7. My sister likes talking with me far more than my father. It's not that we're so terribly different, but my father tends to make grand pronouncements of absolute authority, while I add qualifiers like "as I understand it." So many arguments can be resolved by respecting the phrase, "I believe."

    I believe that Mr. Beck is correct in what he says as it applies to "funny books" for the easily amused. I also believe that art is not a license to do whatever you fancy without regard for the repercussions of your expressions. That said, if it's art, the first rule is that there aren't any, so it seems to me all Beck can comment on is personal truth and commercial responsibilities.

    So, y'know, fuck the narrow-minded codger, as I understand him.

  8. If you go fishing out in the deep, more often than not you come up with nothing. Sometimes when you are splashing out in the shallows you stumble on hidden depths. I wish comic creators would remember their first job is to entertain - everything after that will fall into place.

  9. i think if in the phrase ""In my way of thinking, comic art is a form of entertainment"

    you swapped out "comic art" with "superhero comics" i'd be more on board.

    comics are like any other medium, they shouldt be inherently limited to what topics they can cover.

    but i'm a big believer that any fictional universe that has helmets that talk to their owners, a guy who can morph himself into a red and yellow mailbox, and a detective-solving chimp should not be a universe in which things like rape occur.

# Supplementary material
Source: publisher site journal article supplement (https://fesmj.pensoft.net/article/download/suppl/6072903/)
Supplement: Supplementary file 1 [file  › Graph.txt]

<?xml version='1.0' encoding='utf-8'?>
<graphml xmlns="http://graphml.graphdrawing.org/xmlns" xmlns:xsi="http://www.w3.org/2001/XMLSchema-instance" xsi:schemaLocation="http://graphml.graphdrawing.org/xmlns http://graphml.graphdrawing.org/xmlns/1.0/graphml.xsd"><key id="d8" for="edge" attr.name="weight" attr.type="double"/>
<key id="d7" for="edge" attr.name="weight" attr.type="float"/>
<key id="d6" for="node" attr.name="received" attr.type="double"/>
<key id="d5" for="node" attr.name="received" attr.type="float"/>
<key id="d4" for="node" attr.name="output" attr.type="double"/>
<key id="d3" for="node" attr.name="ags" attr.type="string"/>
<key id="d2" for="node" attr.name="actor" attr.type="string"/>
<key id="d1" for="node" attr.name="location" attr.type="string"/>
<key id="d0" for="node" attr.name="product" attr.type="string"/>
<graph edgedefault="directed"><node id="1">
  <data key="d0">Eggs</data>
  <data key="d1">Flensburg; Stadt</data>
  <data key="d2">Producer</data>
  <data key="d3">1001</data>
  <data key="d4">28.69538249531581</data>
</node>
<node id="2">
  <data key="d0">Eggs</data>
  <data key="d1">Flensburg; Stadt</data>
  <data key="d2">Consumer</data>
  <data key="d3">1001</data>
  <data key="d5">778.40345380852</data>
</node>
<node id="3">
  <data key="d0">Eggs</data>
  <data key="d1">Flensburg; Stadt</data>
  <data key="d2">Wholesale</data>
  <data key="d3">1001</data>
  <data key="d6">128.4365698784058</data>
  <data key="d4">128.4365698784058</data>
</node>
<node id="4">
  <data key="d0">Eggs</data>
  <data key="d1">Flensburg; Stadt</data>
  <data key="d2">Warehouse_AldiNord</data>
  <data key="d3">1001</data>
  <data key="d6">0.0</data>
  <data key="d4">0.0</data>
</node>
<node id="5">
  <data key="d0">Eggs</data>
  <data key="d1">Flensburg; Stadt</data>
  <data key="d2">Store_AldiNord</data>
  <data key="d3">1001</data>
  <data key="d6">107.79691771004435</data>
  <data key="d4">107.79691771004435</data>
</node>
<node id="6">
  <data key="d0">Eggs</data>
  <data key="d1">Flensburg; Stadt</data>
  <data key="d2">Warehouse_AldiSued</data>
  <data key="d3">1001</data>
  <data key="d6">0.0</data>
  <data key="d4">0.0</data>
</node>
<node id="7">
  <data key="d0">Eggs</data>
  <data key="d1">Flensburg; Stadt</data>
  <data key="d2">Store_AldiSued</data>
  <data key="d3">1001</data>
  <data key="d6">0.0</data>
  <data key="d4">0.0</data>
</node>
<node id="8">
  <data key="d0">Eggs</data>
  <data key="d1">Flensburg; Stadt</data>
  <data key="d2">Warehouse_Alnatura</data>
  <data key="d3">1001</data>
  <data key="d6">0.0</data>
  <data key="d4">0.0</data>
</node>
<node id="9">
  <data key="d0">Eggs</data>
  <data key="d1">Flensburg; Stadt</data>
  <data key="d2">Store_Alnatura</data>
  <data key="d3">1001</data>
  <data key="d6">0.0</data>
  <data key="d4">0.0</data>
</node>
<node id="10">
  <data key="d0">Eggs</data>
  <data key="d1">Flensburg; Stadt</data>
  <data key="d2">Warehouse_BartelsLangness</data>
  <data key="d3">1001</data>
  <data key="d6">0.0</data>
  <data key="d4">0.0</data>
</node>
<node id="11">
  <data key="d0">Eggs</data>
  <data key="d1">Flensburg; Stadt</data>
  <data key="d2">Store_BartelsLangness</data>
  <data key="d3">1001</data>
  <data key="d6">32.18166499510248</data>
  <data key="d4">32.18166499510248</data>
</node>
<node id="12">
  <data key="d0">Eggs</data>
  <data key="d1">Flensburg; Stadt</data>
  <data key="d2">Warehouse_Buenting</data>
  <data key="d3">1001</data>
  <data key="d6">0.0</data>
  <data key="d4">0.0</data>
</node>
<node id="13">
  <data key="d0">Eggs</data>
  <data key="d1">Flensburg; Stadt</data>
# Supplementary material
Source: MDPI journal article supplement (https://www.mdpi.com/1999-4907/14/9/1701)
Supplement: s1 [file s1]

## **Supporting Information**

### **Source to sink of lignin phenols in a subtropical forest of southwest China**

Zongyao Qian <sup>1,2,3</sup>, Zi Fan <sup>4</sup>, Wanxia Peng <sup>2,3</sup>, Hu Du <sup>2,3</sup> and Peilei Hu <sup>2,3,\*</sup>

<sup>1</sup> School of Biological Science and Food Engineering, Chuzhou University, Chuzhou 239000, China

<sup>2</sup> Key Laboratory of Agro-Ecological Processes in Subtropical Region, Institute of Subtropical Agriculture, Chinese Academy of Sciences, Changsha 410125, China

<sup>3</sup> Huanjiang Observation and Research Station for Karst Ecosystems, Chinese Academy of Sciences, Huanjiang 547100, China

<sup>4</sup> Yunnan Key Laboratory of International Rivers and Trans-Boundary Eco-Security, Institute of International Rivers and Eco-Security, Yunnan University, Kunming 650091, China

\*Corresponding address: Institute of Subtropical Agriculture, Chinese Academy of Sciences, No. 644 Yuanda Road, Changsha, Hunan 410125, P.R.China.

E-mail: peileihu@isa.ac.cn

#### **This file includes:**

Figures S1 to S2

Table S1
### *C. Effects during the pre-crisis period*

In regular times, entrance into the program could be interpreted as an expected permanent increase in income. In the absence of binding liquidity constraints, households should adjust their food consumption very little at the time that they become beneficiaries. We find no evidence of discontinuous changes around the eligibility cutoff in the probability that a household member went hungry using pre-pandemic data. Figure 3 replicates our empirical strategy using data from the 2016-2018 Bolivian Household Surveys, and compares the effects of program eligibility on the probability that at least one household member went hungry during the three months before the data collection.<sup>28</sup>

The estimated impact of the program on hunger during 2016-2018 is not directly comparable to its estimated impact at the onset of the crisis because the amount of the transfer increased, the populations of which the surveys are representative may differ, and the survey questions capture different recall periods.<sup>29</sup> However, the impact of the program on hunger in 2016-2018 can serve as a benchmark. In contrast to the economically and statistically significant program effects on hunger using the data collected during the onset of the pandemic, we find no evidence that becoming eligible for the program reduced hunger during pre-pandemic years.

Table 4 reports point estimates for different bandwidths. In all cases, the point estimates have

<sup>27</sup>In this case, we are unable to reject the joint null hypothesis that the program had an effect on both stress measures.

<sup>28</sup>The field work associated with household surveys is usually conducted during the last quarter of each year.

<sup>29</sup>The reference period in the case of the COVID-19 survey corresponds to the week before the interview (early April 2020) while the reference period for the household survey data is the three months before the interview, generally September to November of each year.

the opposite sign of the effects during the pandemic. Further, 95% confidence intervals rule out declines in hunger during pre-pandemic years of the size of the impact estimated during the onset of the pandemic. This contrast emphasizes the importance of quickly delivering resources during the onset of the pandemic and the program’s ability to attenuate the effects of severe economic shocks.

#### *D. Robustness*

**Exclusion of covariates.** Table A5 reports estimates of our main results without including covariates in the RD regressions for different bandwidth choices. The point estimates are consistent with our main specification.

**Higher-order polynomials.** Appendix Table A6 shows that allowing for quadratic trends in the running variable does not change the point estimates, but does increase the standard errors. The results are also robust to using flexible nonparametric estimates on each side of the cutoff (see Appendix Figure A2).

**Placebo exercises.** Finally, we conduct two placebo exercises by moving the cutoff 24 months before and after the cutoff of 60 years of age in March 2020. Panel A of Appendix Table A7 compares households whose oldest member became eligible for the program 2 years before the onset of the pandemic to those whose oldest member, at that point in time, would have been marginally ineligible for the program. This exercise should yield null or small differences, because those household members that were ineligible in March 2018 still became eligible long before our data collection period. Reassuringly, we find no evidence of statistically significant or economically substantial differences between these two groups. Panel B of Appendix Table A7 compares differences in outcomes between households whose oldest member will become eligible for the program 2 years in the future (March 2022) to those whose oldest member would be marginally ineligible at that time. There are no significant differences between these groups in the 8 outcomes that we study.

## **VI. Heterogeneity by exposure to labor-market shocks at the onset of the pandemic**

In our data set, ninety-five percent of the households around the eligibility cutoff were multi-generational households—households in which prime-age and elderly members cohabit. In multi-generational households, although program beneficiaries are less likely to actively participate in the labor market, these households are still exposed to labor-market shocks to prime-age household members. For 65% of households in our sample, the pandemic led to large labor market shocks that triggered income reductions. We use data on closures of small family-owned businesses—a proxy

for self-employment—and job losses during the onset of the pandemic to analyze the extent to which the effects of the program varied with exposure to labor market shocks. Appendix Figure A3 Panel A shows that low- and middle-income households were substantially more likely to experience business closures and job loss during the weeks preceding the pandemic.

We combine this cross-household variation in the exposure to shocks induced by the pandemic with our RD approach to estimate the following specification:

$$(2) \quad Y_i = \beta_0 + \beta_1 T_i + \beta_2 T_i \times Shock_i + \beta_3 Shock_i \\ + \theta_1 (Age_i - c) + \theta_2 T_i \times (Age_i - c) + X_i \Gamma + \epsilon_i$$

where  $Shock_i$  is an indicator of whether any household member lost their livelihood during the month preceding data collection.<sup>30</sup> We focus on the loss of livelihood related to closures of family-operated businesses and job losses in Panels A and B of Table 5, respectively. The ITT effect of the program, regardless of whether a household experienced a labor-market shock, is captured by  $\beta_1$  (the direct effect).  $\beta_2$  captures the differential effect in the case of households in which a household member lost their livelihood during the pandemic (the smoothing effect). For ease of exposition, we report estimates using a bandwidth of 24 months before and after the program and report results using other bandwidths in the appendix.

10. Mary Marvel shouldn't walk around in a hot dress because it's silly to think someone would want to go fight crime that way. Is she going to the club or is she hitting people? Does she want to clean blood from her inner thigh?

    You know, I've been watching HEROES on DVD and as I watch it I'm just continually struck by the thought: this really is how folks like this would behave. Man.

    Otherwise, though, yeahh... I hate anyone who says what an art form should or shouldn't be. It's dumb. Comics are a form. They can be anything. If he doesn't want to read serious comics then let him not read them. WONDER GIRL just got a new book.

  11. Eh, respect to Mr. Beck and all, but what Mordicai said is really the only answer to this. Every once in a while someone will claim that particular media (e.g. photography) or genres (e.g. the thriller) are inherently inferior in some way, or have inherently less range than other media or genres (e.g. painting or bucolic poetry). After enough time passes, those people sound like dopes. Same thing here.

  12. Wait, is this the guy who drew this and this? Cuz, if so it kinda lends a touch of irony to saying comics "should never touch, except very lightly, on serious subjects such as... ethnic and racial matters. Few cartoon producers are qualified to handle such material." 20/20 hindsight and all that I suppose.